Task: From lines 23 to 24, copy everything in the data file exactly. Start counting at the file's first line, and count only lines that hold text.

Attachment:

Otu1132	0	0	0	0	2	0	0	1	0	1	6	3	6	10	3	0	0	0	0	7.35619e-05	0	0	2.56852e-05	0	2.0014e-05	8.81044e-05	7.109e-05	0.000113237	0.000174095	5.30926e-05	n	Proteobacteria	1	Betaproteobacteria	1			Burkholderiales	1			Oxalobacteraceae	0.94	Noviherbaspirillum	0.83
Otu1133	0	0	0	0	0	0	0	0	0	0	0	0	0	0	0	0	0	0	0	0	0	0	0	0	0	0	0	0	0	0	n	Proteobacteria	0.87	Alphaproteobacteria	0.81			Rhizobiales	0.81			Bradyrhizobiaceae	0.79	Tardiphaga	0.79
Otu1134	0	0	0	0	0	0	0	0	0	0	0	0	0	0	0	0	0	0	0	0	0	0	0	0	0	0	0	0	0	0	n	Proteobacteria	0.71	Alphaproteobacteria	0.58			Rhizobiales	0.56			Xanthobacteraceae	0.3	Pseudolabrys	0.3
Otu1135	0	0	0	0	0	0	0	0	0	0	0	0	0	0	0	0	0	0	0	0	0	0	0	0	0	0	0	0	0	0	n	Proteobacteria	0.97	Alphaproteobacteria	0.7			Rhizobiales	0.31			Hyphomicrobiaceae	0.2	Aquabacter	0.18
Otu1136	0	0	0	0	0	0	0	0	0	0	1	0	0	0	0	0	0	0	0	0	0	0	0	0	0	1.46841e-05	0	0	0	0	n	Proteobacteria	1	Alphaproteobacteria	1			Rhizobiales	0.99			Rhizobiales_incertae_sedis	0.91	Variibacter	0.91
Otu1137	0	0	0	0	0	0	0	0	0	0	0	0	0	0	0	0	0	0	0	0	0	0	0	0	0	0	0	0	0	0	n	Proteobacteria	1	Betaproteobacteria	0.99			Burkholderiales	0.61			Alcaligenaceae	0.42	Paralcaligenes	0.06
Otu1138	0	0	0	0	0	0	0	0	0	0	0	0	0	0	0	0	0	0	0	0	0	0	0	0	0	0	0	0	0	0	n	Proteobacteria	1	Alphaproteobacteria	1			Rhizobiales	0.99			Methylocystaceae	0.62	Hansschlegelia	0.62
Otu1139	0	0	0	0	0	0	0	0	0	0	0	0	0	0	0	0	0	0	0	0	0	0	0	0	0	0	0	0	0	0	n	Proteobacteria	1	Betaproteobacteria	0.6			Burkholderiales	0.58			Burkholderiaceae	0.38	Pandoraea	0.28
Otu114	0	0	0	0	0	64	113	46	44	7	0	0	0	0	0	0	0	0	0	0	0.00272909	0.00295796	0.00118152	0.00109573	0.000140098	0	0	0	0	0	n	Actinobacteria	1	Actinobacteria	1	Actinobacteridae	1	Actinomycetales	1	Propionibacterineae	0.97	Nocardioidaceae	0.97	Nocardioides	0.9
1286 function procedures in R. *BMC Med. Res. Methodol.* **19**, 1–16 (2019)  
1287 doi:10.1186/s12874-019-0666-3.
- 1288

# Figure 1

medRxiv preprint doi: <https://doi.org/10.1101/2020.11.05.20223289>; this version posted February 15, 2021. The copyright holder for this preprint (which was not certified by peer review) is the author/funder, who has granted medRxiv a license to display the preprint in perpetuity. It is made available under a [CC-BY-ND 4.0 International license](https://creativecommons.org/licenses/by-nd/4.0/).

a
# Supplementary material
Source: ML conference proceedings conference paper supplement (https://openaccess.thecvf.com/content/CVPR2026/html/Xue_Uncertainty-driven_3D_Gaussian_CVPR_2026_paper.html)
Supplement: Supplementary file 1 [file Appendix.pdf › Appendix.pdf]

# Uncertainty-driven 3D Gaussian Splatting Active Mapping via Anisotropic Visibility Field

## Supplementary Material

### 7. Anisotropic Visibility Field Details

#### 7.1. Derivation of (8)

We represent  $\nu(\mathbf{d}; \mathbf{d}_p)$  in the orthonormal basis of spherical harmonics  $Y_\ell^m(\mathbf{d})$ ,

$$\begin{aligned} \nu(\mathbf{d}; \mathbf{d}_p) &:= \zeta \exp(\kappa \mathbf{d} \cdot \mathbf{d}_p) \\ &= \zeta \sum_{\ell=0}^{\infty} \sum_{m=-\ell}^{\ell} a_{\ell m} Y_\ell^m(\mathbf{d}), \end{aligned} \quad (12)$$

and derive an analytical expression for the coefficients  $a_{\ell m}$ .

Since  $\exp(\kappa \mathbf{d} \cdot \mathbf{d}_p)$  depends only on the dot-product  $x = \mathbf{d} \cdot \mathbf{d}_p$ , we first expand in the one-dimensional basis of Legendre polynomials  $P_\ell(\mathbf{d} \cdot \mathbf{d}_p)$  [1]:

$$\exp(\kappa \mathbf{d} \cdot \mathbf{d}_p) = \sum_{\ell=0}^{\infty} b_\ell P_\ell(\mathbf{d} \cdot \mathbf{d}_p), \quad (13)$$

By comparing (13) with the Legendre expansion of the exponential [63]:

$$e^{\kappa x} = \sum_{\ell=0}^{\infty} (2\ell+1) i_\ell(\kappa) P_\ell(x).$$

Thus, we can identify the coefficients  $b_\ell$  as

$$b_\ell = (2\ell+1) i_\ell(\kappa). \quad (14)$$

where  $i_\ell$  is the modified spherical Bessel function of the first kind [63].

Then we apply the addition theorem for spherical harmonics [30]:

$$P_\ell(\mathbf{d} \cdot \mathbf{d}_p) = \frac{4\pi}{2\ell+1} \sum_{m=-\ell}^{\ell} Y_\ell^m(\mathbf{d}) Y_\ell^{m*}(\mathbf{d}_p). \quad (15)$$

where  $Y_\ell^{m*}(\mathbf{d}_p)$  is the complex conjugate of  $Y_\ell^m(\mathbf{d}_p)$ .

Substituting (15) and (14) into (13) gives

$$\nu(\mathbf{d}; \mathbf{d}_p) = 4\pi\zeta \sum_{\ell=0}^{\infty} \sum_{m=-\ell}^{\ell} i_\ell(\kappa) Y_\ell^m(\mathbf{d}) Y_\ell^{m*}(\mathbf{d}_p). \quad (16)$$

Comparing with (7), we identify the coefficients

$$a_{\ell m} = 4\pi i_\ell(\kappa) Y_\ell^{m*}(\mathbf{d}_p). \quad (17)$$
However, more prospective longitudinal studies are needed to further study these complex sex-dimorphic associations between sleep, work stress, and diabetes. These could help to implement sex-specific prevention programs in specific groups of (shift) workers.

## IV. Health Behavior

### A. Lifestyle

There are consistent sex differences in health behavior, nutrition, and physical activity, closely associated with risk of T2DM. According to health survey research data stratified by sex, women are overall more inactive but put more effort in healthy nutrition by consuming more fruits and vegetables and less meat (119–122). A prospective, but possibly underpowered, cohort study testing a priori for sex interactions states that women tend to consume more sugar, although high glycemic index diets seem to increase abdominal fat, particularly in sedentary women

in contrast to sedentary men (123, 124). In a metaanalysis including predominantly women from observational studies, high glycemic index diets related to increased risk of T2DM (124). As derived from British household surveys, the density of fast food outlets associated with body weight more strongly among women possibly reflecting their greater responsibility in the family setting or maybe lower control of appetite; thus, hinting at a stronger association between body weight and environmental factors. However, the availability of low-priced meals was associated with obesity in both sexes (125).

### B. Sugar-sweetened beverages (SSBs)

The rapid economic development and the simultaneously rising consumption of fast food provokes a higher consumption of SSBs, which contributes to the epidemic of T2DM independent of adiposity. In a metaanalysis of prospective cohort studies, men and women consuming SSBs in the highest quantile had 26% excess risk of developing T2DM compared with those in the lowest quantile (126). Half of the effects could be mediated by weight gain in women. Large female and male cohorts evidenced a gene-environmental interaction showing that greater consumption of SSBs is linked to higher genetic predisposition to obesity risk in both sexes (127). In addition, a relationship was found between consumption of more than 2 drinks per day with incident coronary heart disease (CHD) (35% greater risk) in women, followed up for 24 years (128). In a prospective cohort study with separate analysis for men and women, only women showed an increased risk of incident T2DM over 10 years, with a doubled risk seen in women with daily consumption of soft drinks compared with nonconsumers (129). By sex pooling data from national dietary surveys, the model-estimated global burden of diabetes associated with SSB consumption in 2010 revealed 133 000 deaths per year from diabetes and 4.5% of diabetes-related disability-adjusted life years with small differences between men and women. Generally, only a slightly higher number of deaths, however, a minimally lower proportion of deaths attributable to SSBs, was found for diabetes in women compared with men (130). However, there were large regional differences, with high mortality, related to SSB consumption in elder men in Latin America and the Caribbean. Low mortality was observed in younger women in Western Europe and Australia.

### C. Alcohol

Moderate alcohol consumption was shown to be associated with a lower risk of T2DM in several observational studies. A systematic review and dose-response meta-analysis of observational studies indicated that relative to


We represent  $\nu(\mathbf{d}; \mathbf{d}_p)$  in the orthonormal basis of spherical harmonics  $Y_\ell^m(\mathbf{d})$ ,

$$\begin{aligned} \nu(\mathbf{d}; \mathbf{d}_p) &:= \zeta \exp(\kappa \mathbf{d} \cdot \mathbf{d}_p) \\ &= \zeta \sum_{\ell=0}^{\infty} \sum_{m=-\ell}^{\ell} a_{\ell m} Y_\ell^m(\mathbf{d}), \end{aligned} \quad (12)$$